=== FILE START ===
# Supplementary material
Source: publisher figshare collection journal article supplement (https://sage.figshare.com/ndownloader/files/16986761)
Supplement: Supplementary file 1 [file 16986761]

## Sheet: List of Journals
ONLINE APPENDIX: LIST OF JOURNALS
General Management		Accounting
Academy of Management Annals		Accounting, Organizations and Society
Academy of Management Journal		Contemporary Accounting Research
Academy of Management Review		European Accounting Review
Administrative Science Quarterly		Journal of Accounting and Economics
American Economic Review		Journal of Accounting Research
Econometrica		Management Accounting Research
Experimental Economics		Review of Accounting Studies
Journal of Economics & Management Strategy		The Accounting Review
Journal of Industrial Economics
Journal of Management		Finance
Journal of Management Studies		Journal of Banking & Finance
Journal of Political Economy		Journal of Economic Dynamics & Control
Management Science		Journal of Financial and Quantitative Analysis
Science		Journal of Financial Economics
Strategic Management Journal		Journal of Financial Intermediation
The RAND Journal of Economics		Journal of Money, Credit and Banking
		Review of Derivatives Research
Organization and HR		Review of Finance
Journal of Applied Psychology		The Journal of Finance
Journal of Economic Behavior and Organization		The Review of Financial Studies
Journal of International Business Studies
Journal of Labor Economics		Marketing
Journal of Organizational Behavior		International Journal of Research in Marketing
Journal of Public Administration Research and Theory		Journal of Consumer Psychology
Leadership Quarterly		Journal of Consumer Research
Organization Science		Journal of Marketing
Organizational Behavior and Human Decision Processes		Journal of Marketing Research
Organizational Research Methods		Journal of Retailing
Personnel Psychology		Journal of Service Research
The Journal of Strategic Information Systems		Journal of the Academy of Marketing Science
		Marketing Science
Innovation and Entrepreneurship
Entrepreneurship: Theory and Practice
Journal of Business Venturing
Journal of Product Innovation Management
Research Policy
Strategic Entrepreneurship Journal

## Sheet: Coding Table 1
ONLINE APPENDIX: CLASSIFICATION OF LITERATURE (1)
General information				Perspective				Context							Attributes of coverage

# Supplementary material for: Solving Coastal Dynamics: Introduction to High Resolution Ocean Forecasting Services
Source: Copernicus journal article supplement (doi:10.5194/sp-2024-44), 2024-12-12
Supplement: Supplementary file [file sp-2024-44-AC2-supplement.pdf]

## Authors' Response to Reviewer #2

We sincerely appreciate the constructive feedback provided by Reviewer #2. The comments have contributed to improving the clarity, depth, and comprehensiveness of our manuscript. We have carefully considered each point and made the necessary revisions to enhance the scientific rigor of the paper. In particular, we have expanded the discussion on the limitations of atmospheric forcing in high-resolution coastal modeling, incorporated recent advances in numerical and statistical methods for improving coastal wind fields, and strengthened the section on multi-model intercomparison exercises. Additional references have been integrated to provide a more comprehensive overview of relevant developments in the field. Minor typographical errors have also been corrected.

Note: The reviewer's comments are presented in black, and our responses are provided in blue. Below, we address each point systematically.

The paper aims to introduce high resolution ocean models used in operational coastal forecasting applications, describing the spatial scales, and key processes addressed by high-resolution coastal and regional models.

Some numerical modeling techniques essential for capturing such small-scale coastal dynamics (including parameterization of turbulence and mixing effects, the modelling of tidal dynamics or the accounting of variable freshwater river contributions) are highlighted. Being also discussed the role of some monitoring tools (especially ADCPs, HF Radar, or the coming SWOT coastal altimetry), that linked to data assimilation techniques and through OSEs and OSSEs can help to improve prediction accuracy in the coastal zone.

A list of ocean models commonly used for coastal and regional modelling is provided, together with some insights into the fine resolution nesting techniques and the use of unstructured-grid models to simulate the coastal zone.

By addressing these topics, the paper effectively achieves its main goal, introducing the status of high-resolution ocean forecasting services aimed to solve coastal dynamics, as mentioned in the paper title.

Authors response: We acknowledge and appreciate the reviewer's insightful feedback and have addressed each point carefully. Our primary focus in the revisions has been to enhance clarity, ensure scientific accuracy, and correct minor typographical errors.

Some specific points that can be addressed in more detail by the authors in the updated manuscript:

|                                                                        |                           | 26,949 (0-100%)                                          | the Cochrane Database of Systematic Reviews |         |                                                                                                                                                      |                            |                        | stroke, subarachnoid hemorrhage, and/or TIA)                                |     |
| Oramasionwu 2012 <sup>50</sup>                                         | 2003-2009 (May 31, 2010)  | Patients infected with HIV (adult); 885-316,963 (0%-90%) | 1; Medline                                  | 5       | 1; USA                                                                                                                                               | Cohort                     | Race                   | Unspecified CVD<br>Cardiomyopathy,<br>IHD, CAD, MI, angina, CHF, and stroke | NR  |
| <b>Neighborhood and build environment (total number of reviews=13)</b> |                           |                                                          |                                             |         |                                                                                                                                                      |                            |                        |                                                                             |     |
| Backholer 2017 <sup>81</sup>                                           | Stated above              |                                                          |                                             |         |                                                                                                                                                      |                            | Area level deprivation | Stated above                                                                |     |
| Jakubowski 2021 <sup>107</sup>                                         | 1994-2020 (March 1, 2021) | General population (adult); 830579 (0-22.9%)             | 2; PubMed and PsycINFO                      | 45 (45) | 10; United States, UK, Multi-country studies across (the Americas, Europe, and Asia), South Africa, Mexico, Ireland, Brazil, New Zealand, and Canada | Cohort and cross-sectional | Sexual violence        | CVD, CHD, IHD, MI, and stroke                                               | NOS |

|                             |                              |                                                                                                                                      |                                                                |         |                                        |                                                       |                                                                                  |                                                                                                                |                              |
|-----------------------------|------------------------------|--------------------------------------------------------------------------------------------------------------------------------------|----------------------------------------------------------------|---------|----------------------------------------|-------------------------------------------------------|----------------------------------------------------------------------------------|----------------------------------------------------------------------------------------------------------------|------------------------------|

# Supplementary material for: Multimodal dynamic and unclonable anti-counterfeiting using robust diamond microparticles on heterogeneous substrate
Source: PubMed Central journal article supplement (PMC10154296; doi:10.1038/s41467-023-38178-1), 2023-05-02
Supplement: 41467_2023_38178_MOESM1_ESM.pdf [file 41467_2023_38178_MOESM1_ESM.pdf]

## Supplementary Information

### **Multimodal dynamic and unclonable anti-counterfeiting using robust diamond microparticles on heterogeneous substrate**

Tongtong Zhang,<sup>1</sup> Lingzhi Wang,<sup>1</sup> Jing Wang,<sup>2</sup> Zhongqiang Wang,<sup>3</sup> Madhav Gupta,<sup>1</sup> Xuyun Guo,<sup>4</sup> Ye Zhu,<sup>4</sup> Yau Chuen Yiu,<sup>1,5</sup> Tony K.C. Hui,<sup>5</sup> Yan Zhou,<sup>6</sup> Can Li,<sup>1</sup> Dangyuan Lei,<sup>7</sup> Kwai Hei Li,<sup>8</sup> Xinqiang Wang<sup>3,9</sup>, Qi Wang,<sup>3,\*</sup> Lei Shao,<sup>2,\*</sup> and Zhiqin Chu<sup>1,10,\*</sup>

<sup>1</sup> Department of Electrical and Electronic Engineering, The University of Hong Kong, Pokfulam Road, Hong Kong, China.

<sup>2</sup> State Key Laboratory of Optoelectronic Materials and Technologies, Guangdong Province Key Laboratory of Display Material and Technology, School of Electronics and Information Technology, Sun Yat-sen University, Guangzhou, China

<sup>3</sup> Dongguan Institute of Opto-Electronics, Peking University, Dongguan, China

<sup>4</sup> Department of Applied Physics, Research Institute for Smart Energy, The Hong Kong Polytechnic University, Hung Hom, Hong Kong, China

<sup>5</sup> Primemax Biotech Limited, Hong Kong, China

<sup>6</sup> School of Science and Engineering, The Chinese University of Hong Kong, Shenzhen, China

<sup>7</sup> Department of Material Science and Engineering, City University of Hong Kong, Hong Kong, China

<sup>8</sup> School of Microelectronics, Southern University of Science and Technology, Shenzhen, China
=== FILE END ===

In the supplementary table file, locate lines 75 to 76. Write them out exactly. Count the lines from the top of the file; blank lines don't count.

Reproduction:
<sup>4</sup> Department of Applied Physics, Research Institute for Smart Energy, The Hong Kong Polytechnic University, Hung Hom, Hong Kong, China

<sup>5</sup> Primemax Biotech Limited, Hong Kong, China